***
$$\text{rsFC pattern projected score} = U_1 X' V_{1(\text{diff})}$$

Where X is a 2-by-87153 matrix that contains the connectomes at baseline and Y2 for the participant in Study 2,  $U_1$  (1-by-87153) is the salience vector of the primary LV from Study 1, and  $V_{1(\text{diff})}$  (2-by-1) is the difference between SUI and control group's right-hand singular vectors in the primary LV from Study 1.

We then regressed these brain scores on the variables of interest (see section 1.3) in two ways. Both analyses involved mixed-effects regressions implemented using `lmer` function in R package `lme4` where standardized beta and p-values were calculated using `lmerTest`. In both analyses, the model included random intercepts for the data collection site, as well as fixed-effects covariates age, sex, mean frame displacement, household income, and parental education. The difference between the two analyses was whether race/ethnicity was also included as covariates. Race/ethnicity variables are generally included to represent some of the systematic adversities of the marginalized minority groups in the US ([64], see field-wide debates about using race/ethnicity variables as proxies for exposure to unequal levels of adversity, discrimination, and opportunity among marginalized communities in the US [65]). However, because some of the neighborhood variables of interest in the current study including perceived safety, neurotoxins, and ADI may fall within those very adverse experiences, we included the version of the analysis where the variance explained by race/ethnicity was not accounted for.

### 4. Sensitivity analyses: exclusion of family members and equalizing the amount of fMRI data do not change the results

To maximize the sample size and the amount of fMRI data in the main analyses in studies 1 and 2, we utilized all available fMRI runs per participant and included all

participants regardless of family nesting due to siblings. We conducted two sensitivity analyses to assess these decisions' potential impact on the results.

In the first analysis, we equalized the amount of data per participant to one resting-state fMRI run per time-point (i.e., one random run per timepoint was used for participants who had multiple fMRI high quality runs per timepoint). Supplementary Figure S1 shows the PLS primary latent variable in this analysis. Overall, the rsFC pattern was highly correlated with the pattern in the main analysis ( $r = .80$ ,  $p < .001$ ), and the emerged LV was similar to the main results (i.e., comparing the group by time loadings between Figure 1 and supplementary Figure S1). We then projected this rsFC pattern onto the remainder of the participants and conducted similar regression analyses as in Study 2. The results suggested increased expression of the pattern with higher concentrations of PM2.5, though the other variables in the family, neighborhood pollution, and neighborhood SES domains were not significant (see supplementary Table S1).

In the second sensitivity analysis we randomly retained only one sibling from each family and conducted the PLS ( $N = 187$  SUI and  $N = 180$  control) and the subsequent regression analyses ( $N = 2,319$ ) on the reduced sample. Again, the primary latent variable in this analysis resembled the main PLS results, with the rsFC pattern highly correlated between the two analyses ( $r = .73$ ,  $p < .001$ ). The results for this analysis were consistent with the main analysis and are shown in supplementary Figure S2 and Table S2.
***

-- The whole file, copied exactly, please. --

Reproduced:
$$\text{rsFC pattern projected score} = U_1 X' V_{1(\text{diff})}$$

Where X is a 2-by-87153 matrix that contains the connectomes at baseline and Y2 for the participant in Study 2,  $U_1$  (1-by-87153) is the salience vector of the primary LV from Study 1, and  $V_{1(\text{diff})}$  (2-by-1) is the difference between SUI and control group's right-hand singular vectors in the primary LV from Study 1.

We then regressed these brain scores on the variables of interest (see section 1.3) in two ways. Both analyses involved mixed-effects regressions implemented using `lmer` function in R package `lme4` where standardized beta and p-values were calculated using `lmerTest`. In both analyses, the model included random intercepts for the data collection site, as well as fixed-effects covariates age, sex, mean frame displacement, household income, and parental education. The difference between the two analyses was whether race/ethnicity was also included as covariates. Race/ethnicity variables are generally included to represent some of the systematic adversities of the marginalized minority groups in the US ([64], see field-wide debates about using race/ethnicity variables as proxies for exposure to unequal levels of adversity, discrimination, and opportunity among marginalized communities in the US [65]). However, because some of the neighborhood variables of interest in the current study including perceived safety, neurotoxins, and ADI may fall within those very adverse experiences, we included the version of the analysis where the variance explained by race/ethnicity was not accounted for.

### 4. Sensitivity analyses: exclusion of family members and equalizing the amount of fMRI data do not change the results

To maximize the sample size and the amount of fMRI data in the main analyses in studies 1 and 2, we utilized all available fMRI runs per participant and included all

participants regardless of family nesting due to siblings. We conducted two sensitivity analyses to assess these decisions' potential impact on the results.

In the first analysis, we equalized the amount of data per participant to one resting-state fMRI run per time-point (i.e., one random run per timepoint was used for participants who had multiple fMRI high quality runs per timepoint). Supplementary Figure S1 shows the PLS primary latent variable in this analysis. Overall, the rsFC pattern was highly correlated with the pattern in the main analysis ( $r = .80$ ,  $p < .001$ ), and the emerged LV was similar to the main results (i.e., comparing the group by time loadings between Figure 1 and supplementary Figure S1). We then projected this rsFC pattern onto the remainder of the participants and conducted similar regression analyses as in Study 2. The results suggested increased expression of the pattern with higher concentrations of PM2.5, though the other variables in the family, neighborhood pollution, and neighborhood SES domains were not significant (see supplementary Table S1).

In the second sensitivity analysis we randomly retained only one sibling from each family and conducted the PLS ( $N = 187$  SUI and  $N = 180$  control) and the subsequent regression analyses ( $N = 2,319$ ) on the reduced sample. Again, the primary latent variable in this analysis resembled the main PLS results, with the rsFC pattern highly correlated between the two analyses ( $r = .73$ ,  $p < .001$ ). The results for this analysis were consistent with the main analysis and are shown in supplementary Figure S2 and Table S2.